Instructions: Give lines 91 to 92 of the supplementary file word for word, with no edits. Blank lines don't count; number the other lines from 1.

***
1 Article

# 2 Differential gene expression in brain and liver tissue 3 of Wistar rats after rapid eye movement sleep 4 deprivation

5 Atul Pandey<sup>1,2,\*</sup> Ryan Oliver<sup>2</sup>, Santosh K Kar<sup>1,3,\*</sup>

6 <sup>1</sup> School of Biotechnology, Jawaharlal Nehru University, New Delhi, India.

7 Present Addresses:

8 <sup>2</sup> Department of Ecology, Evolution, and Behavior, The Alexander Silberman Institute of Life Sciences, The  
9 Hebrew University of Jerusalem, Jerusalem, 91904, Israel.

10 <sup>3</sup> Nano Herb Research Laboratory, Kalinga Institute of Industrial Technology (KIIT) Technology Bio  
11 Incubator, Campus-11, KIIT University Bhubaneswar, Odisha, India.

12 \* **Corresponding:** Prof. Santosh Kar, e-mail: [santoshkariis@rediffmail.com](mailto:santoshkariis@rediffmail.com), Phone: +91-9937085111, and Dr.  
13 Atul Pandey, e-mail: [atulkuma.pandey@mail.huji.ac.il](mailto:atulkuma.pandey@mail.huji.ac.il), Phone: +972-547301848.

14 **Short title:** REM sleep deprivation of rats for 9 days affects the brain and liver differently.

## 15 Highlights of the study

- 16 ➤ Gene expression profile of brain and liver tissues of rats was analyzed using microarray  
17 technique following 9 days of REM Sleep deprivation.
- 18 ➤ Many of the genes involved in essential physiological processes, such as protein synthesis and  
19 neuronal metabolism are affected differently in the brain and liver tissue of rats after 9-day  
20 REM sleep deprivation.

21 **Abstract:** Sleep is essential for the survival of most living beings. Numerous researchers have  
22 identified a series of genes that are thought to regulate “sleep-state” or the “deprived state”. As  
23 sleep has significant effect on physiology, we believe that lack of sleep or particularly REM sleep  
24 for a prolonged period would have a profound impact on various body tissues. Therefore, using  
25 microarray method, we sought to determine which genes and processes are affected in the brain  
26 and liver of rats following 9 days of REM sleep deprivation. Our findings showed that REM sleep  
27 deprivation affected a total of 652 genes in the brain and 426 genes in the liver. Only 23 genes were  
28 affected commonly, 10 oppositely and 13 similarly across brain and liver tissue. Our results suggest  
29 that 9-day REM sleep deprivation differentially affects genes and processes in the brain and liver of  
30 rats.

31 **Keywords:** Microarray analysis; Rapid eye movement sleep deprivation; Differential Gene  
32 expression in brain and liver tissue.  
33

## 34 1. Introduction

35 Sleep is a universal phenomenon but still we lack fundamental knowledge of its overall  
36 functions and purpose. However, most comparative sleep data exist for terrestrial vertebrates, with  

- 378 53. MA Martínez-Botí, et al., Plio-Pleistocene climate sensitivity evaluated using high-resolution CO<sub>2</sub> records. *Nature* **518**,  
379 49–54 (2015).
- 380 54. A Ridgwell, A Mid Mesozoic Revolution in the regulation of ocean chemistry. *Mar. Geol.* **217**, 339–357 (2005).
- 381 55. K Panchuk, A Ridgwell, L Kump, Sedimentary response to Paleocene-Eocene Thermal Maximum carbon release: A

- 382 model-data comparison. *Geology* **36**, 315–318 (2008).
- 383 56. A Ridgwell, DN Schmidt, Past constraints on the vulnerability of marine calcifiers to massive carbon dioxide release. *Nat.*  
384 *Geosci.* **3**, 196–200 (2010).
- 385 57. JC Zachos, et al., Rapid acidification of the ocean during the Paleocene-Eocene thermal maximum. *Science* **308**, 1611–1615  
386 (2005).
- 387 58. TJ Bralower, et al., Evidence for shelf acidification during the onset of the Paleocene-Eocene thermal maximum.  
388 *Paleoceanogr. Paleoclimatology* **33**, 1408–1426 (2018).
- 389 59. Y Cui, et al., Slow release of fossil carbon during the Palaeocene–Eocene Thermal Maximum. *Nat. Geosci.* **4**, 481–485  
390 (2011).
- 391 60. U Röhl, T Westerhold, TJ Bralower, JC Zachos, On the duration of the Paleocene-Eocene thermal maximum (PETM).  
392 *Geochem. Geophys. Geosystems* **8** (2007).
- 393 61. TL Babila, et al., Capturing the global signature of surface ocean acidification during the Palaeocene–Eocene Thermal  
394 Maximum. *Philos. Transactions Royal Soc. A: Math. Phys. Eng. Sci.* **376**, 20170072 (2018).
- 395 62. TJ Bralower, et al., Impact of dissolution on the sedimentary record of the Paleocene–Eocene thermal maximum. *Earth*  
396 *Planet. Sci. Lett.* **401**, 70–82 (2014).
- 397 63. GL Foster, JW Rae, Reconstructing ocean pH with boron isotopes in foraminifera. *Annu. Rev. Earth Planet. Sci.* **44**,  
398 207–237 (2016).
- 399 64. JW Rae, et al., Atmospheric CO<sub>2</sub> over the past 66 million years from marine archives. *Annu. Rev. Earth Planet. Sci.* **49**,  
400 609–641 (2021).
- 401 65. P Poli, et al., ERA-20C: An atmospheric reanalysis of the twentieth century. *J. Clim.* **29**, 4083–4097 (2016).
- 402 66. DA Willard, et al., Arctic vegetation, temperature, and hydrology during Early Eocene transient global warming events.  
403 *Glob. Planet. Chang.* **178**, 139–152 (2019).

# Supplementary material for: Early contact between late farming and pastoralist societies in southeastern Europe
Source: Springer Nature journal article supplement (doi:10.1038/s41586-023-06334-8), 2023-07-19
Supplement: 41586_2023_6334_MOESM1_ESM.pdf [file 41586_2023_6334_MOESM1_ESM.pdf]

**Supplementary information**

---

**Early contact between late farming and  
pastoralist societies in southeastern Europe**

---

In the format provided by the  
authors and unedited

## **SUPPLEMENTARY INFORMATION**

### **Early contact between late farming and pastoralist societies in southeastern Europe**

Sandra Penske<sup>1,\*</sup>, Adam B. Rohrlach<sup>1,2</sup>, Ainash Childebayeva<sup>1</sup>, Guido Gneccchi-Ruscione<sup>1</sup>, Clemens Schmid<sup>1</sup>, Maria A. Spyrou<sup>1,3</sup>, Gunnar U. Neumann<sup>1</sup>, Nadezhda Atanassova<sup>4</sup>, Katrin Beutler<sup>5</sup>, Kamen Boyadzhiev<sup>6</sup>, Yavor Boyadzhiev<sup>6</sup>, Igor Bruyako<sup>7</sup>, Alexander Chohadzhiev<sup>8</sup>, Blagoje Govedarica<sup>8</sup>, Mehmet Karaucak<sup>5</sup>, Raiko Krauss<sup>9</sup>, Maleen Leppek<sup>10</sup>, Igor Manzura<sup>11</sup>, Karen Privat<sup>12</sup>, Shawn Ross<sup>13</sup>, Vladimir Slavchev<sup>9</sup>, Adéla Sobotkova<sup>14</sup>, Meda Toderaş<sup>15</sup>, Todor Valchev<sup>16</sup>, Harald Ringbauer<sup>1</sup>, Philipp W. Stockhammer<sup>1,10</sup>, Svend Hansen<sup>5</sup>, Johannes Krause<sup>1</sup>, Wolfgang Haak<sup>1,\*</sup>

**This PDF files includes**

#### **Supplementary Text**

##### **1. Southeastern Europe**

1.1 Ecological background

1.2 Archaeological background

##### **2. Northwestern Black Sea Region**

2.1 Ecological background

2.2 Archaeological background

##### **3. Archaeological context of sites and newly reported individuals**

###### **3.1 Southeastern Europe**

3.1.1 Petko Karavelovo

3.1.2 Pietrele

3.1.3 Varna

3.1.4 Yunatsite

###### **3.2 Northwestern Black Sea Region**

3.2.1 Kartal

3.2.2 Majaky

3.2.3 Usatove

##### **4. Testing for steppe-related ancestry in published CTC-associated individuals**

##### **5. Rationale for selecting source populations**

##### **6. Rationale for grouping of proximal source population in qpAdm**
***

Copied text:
3.2.3 Usatove

##### **4. Testing for steppe-related ancestry in published CTC-associated individuals**